The traveling life sounds glamorous, until you realize how many times you have to wash your own underwear in a grimy sink. Cheap laundry services and laundromats exist in a few spots, but more often than not, you’re stuck with washing your clothes yourself. You know what I miss the most when I’m traveling? A washing machine.
Here are some lessons I’ve learned to make washing your clothes less of a hassle.
Get a drain stopper
Having some way of blocking the drain on the road is essential. I’ve seen a few places that had some kind of plug for the sink, but in 90% of places I’ve stayed in, I had to figure out my own way to retain water.
If you can find a drain stopper back home, it’s well-worth the buck or two you’ll pay for it. In my experience, they’re almost impossible to find abroad. Look for a wide, flat drain stopper, not something you have to plug in the hole to stop the flow. A flat drain stopper you can lay on top of the hole will work wonders.
Alternately, you can simply use a balled sock to plug the drain. You’ll have to work faster because the water will seep out quickly, but in a fix it’ll get the job done.
Bring a thin nylon cord
Along with the drain stopper, the nylon cord is another traveling item I can’t seem to find abroad. This one won’t take up any space at all in your bags: just grab ten-fifteen feet of thin, lightweight nylon cord. Wrap it tightly around a small, compact object, and you’ll be good to go. (Helene uses a small incense box.)
If there’s no place to hang your clothes, you’ll be able to use the rope as a makeshift clothesline, in the bathroom or bedroom. It might be a bit tricky to find a spot to hook the rope, but you should be fine most of the times. No need for clothespins, by the way; since you’re not hanging the clothes outside, there will be no wind to blow them off the clothesline.
Buy soap locally
If you’re stuck without laundry detergent, you can also use regular soap. If you rinse your clothes thoroughly, you shouldn’t have problems with soap residues.
Do your clothes require expensive and delicate laundry detergents? Then perhaps you’re packing the wrong clothes for the road. You should leave the fragile clothes back home; or, if you bring them, consider paying a laundry service to get them cleaned.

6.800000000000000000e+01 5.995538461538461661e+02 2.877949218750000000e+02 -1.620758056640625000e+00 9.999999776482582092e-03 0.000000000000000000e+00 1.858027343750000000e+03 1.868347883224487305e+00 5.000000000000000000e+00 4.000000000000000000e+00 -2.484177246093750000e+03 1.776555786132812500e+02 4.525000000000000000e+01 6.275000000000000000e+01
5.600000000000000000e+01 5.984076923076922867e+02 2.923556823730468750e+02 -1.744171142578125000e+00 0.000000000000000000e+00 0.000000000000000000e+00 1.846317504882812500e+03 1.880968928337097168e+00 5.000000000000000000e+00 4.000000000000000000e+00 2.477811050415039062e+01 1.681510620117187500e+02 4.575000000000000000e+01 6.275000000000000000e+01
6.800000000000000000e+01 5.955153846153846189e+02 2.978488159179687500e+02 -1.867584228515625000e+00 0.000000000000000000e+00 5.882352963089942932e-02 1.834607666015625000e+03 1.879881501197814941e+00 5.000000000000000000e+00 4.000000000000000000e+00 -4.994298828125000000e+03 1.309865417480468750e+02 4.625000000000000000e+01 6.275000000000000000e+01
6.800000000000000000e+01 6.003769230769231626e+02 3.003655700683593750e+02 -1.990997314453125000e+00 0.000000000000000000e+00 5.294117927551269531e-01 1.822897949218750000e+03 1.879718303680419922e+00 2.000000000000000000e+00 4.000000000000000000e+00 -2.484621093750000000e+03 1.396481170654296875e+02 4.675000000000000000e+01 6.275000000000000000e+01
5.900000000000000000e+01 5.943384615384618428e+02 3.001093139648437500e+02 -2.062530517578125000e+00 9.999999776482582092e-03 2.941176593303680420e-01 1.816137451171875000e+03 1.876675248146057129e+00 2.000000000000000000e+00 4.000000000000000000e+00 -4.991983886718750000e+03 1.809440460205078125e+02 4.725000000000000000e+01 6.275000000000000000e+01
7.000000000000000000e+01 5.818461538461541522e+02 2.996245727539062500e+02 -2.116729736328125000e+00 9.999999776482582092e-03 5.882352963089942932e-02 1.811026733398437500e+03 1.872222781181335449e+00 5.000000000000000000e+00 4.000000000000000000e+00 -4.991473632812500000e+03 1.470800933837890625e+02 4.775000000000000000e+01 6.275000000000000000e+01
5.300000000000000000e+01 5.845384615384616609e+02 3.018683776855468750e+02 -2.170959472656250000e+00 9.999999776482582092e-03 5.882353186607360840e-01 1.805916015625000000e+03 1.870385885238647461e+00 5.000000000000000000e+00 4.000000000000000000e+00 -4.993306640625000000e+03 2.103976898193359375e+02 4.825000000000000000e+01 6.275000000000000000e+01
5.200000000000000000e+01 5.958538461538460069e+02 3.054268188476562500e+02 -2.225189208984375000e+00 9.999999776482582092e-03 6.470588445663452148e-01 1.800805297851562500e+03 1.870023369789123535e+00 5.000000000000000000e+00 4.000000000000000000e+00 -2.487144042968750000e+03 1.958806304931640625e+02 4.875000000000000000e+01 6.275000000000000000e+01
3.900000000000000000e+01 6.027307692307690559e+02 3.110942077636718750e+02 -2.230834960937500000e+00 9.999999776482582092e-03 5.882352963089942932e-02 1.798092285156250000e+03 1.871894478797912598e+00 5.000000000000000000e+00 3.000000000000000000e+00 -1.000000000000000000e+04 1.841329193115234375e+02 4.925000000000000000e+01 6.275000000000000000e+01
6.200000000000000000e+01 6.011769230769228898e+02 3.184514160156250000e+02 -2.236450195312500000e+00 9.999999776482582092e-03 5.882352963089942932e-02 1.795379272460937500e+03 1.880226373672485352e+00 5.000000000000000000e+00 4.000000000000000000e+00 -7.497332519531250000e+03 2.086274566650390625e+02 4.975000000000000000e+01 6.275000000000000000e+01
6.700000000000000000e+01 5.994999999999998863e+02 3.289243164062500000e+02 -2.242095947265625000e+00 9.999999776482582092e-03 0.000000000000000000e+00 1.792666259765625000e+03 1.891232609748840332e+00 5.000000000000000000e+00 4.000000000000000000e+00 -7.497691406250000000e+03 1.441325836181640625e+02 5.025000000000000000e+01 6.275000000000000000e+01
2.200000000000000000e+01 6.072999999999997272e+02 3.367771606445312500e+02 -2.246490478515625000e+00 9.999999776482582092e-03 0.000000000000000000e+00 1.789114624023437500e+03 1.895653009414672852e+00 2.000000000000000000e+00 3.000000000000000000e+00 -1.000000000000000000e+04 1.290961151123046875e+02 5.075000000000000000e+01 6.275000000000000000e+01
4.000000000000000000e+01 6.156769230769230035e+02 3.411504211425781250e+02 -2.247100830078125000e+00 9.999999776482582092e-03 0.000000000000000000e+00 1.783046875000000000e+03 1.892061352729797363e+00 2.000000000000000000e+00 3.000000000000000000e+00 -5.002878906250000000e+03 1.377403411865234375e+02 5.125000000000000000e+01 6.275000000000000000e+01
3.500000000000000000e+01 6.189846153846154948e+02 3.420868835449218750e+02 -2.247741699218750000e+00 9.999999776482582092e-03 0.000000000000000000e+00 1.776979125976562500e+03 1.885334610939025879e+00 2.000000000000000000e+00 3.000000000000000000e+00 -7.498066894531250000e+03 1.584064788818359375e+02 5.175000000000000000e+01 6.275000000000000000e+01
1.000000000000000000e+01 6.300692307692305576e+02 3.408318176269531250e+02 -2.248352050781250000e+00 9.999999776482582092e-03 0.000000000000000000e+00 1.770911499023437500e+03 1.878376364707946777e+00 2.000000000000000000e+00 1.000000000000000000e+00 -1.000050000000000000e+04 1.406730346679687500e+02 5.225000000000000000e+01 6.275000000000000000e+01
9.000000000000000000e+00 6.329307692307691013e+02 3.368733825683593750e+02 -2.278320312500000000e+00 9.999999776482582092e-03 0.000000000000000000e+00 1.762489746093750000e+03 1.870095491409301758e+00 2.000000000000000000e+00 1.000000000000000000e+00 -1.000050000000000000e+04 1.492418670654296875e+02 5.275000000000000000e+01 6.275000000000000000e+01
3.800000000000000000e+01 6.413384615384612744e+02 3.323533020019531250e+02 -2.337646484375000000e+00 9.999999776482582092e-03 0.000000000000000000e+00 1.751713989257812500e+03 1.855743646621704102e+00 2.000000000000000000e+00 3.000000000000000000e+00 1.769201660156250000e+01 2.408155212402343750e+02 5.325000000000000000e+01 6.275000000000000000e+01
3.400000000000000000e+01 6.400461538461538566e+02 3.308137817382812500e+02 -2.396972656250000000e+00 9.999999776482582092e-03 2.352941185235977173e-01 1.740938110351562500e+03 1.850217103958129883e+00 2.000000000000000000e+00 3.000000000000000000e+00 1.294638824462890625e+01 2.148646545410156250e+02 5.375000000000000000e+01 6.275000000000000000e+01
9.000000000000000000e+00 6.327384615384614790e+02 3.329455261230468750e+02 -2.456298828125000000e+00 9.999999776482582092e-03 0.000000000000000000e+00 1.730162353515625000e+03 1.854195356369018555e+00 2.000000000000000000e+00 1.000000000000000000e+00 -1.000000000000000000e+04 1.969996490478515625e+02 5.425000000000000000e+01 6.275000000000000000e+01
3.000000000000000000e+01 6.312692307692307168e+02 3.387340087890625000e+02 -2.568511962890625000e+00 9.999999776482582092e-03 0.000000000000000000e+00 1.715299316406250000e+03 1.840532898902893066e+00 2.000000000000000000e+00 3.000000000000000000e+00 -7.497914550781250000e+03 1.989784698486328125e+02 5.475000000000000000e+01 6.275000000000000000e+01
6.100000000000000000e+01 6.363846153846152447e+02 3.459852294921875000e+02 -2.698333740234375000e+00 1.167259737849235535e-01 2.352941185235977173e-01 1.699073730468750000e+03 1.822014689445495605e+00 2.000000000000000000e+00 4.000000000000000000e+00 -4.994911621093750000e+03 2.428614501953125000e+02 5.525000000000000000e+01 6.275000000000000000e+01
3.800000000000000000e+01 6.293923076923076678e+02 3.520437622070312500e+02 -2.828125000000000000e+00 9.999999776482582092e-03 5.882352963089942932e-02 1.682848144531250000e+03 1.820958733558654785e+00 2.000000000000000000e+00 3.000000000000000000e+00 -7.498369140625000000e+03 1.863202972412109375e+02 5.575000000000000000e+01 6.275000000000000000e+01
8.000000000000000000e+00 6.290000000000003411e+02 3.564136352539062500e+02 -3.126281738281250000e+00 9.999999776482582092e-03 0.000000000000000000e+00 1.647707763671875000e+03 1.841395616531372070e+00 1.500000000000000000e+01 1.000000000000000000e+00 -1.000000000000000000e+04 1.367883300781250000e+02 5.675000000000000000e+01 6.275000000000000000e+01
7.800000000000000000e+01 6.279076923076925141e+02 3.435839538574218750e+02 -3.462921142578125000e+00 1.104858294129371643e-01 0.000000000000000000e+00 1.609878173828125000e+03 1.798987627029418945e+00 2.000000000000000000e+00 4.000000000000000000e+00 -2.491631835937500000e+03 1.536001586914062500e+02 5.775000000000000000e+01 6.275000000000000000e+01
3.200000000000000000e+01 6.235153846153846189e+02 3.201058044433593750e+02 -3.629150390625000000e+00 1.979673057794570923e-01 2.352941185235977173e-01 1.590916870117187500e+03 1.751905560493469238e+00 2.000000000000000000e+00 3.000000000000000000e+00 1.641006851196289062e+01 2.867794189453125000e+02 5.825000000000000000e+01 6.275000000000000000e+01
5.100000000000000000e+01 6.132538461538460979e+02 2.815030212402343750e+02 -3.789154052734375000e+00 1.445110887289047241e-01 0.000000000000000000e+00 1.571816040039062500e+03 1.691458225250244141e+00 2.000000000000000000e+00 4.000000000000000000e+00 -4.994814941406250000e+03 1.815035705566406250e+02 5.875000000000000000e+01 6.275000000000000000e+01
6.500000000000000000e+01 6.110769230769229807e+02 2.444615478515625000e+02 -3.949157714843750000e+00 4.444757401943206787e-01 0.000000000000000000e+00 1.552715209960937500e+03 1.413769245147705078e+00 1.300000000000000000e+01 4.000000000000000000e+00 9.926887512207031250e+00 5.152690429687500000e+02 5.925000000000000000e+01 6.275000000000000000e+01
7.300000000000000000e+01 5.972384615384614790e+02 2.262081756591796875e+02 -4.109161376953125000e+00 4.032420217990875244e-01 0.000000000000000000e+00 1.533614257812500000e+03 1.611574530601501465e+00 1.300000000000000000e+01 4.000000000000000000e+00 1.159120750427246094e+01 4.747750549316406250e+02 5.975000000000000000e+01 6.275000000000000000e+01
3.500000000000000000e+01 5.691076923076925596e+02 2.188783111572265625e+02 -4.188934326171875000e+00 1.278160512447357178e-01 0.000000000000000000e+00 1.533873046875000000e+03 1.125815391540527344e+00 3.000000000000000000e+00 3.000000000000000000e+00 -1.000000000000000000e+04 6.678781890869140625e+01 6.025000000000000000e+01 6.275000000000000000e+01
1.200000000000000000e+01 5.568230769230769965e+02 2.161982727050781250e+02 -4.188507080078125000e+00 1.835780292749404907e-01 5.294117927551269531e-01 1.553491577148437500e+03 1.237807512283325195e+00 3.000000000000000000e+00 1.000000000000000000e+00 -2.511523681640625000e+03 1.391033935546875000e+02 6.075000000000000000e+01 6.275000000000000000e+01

Learn to wring
Washing your clothes in a sink isn’t that hard; you just work up a good lather, and soak your clothes through. But the key to washing your clothes really well is the wringing. It’s also the reason I hate washing clothes by hand so much.
You want to rinse your clothes multiple times until there is no more soap left in the fabric. The soap “captures” the bacteria responsible for bad smells, so if the water you wring out of your clothes doesn’t run clear, your clothes are likely to smell once they’re dry.
When wringing, avoid twisting your clothing, as you’ll stretch and damage the fabric. Instead, fold it upon itself, and squeeze it with your hands. Start at the middle, and wring the water towards the edges. Repeat as often as necessary, until you barely get water out anymore.
Continue to wring your clothes once they’re hung, as the water will pool downwards under gravity. You can do it three or four times over the course of a day or evening, and have your clothes ready the next day.
Dry your clothes in the sun
The sun is a wonderful laundry tool. If you can hang your clothes in the afternoon sun and breeze, your clothes will smell clean and fresh the next day for sure.
The sun helps fight lingering moldy smells by drying the clothes quicker than indoors, and thus prevents bacteria and mold from building up. If you’re staying in a hostel or guesthouse, ask if they have a balcony or roof with clothes racks. This way, you’ll also discover a nice spot to grab a drink at sunset, and it will make all that washing of socks worthwhile!
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